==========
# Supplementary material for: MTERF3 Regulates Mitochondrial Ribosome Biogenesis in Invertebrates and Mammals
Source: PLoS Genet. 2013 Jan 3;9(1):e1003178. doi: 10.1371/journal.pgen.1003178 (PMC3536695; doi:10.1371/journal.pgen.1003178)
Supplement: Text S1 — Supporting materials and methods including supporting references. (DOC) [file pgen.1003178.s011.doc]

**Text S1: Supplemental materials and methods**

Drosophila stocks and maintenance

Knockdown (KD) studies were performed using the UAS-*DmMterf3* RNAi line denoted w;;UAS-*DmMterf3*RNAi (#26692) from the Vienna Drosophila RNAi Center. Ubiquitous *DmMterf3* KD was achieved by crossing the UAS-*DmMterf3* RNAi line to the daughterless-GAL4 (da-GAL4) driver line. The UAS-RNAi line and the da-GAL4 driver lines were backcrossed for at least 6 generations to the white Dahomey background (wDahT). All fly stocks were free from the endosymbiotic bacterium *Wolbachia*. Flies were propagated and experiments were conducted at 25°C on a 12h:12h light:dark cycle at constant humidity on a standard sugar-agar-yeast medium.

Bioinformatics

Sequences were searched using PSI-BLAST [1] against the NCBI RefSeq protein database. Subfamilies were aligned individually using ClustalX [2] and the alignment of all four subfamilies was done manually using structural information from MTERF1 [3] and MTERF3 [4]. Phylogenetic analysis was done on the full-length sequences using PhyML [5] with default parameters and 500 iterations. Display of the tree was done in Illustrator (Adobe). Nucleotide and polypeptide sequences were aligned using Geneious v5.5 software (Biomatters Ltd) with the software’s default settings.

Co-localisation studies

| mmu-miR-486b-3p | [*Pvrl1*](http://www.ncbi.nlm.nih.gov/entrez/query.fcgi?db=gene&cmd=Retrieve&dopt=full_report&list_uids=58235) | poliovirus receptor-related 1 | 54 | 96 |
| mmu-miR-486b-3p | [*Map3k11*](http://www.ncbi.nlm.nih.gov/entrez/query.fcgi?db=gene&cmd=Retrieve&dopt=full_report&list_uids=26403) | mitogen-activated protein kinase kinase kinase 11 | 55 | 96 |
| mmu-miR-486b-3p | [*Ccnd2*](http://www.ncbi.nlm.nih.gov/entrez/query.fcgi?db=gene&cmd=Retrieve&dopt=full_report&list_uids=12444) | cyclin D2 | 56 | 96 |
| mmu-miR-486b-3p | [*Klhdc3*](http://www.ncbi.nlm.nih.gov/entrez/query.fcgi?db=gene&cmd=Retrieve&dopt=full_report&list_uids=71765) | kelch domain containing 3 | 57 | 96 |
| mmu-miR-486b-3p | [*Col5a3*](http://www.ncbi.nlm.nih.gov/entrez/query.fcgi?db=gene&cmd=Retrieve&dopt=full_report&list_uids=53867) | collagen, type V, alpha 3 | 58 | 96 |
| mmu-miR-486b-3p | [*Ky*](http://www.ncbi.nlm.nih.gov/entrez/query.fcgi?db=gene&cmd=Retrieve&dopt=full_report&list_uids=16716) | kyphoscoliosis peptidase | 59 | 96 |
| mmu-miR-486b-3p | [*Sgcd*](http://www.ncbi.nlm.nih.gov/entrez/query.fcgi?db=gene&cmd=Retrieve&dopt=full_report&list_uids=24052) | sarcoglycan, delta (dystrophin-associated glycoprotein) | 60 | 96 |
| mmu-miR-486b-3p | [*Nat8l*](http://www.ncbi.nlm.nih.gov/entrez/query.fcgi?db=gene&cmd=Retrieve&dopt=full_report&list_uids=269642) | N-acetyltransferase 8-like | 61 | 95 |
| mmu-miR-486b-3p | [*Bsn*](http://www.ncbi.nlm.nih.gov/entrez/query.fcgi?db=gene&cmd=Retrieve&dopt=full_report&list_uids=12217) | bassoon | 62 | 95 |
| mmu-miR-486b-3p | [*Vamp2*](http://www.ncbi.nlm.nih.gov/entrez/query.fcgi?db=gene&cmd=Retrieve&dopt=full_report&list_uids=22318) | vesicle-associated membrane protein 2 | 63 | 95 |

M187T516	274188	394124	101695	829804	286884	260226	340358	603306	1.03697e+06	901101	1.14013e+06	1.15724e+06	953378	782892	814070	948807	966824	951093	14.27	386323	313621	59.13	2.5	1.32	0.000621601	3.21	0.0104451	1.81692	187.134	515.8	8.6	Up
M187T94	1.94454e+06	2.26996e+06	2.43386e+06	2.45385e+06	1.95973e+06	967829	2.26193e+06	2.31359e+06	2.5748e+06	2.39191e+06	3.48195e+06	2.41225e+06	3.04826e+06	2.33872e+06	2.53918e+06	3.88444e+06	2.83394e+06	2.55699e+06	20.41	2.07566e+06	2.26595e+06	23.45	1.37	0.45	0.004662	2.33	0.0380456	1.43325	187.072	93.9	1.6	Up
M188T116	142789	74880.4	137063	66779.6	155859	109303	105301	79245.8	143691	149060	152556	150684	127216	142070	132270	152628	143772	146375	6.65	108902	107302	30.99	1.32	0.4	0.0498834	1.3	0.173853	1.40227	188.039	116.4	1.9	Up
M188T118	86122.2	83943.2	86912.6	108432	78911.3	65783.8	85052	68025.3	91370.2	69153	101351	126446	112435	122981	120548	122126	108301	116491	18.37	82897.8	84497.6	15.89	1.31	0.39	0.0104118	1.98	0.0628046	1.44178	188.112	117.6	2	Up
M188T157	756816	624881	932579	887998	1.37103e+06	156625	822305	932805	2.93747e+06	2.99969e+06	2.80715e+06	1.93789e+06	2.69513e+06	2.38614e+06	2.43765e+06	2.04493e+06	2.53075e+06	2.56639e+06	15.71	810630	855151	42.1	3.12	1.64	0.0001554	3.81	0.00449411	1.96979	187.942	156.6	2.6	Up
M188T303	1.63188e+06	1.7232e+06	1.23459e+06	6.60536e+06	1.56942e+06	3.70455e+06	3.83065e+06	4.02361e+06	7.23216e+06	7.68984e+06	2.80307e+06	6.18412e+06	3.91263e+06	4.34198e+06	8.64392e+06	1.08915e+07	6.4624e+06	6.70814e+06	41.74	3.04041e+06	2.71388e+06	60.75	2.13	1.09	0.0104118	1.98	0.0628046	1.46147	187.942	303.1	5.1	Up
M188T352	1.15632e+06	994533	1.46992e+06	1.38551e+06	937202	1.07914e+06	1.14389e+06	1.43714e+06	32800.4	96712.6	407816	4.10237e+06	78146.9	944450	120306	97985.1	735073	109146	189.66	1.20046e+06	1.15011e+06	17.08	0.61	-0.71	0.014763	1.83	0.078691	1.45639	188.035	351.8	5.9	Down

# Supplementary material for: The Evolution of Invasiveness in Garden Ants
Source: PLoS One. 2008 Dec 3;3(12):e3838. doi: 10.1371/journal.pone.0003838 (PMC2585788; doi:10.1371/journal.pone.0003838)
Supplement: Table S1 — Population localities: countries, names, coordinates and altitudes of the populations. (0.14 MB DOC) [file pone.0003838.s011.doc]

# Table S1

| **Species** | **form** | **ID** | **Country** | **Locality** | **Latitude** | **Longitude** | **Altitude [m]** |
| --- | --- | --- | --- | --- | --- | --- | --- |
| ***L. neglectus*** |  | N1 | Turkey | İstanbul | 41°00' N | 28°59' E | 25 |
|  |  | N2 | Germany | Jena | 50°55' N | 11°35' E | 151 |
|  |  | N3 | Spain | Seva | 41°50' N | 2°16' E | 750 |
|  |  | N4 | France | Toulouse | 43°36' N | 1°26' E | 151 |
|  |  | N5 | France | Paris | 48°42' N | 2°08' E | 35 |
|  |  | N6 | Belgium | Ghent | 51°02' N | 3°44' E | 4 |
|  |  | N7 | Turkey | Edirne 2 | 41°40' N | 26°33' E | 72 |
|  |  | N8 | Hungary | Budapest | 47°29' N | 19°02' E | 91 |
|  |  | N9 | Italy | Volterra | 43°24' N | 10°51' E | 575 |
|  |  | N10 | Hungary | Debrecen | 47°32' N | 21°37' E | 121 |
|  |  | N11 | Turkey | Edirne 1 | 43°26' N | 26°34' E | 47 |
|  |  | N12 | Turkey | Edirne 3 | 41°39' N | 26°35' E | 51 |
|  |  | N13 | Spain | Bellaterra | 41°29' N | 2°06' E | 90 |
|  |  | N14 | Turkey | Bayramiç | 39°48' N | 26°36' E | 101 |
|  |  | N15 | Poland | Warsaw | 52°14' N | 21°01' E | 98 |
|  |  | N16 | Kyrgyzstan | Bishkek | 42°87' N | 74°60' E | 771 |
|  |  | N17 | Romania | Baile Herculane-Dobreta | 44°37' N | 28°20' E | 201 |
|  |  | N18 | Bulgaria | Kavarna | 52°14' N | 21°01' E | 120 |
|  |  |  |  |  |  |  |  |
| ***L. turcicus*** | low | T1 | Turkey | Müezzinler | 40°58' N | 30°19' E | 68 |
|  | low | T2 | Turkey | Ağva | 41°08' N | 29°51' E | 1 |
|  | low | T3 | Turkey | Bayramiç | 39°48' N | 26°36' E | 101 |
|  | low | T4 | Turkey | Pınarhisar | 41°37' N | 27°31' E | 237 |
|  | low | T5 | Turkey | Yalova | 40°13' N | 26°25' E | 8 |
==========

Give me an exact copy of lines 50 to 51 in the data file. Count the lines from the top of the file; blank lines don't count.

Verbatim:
|  |  | N18 | Bulgaria | Kavarna | 52°14' N | 21°01' E | 120 |
|  |  |  |  |  |  |  |  |